The proposal of these bills follows a 16 month review led by Cicilline in his position as chair of the antitrust committee which concluded that tech giants were abusing their dominant positions. Acting as a counsel to the committee during the investigation was Lina Khan, a 32 year old lawyer who has recently been sworn in as chair of the US Federal Trade Commission (FTC). Her appointment is significant as she has become known for her dim view of large tech companies, initially gaining attention via a paper she published criticizing Amazon’s role in both providing logistics for, and competing with, millions of small businesses selling through the Amazon platform. This critical approach had led her to receive many plaudits, most notably from Elizabeth Warren who called her appointment ‘tremendous news’. That the 2020 presidential hopeful is pleased with Khan’s appointment speaks volumes about the agenda Khan will set as the head of the FTC given Warren’s repeated pledges to break up big tech companies.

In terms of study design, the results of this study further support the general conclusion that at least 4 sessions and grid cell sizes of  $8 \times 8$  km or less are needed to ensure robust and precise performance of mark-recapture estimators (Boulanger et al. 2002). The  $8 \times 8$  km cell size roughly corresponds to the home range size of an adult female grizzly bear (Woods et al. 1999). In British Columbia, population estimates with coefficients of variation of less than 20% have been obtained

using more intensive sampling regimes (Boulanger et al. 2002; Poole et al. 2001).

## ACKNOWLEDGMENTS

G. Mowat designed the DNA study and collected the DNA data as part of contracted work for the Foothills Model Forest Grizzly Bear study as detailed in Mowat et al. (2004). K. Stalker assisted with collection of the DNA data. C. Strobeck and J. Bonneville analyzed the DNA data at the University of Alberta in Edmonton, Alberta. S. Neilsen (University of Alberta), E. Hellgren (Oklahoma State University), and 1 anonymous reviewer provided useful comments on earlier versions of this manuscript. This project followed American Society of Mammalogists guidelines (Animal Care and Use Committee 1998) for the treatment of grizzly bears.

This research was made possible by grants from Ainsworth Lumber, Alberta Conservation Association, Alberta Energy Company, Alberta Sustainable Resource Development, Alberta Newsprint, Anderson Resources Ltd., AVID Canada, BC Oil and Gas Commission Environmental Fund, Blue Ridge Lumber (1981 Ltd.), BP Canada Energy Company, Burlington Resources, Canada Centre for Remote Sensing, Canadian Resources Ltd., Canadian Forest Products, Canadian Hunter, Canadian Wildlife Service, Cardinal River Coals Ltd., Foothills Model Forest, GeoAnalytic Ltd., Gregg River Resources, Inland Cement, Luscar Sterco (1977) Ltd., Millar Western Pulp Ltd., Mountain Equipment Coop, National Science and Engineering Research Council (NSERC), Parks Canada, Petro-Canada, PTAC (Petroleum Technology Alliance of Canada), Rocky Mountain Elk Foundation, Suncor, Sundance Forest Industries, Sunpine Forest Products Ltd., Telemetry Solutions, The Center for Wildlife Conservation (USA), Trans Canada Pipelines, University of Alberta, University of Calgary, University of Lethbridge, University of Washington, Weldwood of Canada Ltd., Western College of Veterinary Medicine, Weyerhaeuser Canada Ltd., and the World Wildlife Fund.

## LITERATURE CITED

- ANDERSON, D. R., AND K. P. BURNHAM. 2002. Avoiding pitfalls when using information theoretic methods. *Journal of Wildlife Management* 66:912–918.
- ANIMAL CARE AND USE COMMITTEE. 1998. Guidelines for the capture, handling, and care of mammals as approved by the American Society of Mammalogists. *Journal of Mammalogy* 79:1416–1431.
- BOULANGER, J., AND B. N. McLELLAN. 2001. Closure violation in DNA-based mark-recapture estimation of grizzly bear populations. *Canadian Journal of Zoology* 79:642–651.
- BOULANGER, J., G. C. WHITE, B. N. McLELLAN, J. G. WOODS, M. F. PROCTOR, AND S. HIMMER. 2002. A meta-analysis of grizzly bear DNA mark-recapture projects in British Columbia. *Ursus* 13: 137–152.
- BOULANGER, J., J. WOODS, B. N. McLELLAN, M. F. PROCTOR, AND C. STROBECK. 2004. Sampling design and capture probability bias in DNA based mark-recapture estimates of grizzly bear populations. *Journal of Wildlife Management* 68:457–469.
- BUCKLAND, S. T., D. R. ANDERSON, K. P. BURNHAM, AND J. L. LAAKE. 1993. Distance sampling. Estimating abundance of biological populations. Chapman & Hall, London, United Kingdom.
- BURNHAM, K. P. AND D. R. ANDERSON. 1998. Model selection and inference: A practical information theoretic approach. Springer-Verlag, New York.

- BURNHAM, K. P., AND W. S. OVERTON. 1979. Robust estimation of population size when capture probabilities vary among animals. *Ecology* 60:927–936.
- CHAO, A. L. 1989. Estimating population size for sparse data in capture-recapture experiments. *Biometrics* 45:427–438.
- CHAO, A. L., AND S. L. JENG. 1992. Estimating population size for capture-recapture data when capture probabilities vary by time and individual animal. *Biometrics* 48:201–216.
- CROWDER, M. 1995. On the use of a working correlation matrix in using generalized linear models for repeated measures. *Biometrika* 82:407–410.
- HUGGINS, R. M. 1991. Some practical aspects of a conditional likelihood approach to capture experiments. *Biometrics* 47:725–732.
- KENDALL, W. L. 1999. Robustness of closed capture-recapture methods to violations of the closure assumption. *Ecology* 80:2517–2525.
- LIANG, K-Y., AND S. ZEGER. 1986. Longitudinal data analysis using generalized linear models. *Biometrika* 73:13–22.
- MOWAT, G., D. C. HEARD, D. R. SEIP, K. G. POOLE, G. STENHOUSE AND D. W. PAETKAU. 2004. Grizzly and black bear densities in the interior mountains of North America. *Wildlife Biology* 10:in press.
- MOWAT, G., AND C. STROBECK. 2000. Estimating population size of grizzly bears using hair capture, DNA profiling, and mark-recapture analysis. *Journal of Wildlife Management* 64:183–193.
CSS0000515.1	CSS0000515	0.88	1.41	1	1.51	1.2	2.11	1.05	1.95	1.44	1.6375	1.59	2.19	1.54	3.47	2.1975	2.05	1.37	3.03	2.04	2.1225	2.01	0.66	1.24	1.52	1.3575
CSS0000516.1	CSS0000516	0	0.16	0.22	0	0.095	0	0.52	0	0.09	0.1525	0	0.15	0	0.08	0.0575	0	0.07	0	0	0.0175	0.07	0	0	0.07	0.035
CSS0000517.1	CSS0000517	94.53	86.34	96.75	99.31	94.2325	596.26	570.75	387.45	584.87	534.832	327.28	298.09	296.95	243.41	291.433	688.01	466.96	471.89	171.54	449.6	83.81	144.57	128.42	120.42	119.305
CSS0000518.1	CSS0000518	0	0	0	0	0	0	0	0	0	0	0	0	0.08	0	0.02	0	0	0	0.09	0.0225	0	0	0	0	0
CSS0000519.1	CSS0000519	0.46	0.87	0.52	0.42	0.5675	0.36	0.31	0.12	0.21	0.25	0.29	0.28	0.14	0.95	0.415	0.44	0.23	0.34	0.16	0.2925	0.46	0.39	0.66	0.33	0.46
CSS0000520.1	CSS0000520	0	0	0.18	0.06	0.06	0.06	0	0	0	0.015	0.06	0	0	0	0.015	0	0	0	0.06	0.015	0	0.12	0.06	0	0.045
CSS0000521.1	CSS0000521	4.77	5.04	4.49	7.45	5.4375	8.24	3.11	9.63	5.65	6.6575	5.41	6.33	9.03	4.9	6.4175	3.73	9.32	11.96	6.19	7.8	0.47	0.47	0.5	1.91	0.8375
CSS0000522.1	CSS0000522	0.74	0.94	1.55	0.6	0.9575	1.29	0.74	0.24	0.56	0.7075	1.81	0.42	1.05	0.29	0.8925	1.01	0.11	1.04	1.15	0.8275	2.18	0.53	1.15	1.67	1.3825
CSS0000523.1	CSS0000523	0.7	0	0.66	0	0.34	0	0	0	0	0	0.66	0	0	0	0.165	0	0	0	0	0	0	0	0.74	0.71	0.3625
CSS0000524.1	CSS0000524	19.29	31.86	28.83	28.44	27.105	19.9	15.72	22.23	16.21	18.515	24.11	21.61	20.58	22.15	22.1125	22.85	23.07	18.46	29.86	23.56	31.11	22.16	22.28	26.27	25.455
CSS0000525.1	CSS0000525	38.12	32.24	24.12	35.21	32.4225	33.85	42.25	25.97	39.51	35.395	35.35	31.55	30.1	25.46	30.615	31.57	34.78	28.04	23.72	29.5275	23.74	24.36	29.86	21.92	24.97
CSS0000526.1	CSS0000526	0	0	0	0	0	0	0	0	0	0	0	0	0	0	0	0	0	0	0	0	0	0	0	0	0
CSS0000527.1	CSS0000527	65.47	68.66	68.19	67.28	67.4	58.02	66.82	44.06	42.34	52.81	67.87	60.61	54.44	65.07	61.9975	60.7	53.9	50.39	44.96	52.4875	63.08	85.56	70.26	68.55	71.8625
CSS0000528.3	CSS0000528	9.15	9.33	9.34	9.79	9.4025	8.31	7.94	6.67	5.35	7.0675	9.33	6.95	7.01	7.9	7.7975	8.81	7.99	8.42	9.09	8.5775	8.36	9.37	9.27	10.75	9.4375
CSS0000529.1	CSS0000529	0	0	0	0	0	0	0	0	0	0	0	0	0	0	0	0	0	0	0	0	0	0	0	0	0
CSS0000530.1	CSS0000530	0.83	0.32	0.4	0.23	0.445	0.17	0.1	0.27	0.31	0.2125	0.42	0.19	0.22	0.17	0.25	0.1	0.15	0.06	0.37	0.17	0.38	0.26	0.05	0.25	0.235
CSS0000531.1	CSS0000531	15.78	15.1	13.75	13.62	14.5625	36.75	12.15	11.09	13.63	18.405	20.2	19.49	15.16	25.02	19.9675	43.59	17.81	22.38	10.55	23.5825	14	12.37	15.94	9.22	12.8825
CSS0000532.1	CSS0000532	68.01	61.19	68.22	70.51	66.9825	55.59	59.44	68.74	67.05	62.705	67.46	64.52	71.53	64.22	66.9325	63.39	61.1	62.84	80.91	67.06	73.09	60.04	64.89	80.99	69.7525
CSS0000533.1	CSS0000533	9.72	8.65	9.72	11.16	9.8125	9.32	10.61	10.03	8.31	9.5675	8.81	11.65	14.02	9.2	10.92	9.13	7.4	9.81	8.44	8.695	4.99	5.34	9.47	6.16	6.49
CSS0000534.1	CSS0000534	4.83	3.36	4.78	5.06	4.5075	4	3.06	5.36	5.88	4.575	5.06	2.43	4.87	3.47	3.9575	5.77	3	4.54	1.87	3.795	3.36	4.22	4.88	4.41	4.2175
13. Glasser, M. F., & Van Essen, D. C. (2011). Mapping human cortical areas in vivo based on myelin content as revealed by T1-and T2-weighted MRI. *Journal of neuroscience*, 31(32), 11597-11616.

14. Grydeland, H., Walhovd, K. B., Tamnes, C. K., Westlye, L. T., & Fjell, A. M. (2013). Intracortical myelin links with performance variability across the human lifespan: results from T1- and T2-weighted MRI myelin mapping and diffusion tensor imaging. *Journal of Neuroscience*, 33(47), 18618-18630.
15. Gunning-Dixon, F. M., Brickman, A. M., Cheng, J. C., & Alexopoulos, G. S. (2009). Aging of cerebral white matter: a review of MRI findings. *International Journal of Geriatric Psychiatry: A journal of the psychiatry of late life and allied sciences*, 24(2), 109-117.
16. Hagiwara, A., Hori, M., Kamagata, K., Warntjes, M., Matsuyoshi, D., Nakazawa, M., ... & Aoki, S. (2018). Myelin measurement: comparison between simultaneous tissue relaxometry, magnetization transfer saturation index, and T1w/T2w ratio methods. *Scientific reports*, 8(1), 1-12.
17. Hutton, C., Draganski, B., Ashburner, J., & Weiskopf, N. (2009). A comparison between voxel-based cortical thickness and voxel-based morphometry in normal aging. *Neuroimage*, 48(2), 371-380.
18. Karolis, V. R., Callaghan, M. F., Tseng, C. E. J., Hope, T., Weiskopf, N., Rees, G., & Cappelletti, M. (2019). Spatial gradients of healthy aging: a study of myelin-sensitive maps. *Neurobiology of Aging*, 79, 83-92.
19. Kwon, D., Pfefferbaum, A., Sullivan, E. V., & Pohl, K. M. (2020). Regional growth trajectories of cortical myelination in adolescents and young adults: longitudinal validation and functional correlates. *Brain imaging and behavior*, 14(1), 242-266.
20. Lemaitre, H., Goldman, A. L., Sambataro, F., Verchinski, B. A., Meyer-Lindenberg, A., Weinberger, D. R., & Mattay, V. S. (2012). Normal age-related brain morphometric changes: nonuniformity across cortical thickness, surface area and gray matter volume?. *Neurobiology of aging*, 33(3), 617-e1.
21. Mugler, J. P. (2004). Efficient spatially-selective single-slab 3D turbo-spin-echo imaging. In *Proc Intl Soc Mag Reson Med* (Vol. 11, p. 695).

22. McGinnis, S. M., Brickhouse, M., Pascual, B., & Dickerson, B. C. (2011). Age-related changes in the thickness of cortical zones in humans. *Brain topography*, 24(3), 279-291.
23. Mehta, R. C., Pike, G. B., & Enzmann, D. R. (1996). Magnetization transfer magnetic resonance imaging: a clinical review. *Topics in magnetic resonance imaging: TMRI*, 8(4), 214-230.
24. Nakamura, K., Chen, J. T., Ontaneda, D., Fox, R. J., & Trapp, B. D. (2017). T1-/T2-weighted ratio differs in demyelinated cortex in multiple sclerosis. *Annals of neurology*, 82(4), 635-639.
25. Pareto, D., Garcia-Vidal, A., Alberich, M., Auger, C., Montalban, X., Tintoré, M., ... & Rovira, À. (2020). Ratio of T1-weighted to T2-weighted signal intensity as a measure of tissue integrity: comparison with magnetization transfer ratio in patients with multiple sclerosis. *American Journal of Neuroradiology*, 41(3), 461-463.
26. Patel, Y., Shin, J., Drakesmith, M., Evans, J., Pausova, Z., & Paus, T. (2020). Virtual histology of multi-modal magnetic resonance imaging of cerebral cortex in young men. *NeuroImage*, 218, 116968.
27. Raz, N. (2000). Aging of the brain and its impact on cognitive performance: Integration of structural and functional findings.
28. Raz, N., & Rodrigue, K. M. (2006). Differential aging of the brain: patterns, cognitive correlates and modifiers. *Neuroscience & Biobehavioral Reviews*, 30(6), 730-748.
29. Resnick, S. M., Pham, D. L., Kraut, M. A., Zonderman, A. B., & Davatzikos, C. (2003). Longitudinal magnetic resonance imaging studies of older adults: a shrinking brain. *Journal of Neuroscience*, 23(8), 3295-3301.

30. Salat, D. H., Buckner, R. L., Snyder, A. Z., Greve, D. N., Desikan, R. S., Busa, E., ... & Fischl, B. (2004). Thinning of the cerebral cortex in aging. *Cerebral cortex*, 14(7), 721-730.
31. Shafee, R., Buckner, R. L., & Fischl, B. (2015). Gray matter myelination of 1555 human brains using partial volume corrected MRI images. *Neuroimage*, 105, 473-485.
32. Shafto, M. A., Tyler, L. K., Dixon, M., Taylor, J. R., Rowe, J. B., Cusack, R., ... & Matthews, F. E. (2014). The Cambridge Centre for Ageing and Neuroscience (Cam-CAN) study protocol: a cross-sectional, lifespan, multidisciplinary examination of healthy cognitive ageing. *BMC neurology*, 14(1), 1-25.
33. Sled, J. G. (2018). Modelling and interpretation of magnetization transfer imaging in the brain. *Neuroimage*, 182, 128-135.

Khan taking the helm of an FTC which has already begun a comprehensive overhaul of how it views not only Big Tech, but also competition more broadly. In particular, with regard to Big Tech, in December 2020 the FTC sued Facebook, alleging that it had engaged in systematically anti-competitive practices as it sought to stifle competition. In the case, the FTC highlights the purchases of WhatsApp and Instagram as examples of such behavior. Indeed, given leaked emails show Mark Zuckerberg emphasizing that Instagram ‘can hurt us’ when discussing the potential acquisition, it may be that there is a strong case to be made. Whilst the case was recently rejected for being too broad the judge left the door open for a more specific case to be brought. If the FTC does win a revised case, it is likely that Facebook may be forced to sell both Instagram and WhatsApp. Whilst sizeable purchases such as these have been largely absent over the past few years, large tech companies are nonetheless active in acquiring new companies. This has, however, largely shifted to smaller, earlier stage companies which allow them to pay lower prices and avoid a large amount of regulatory scrutiny.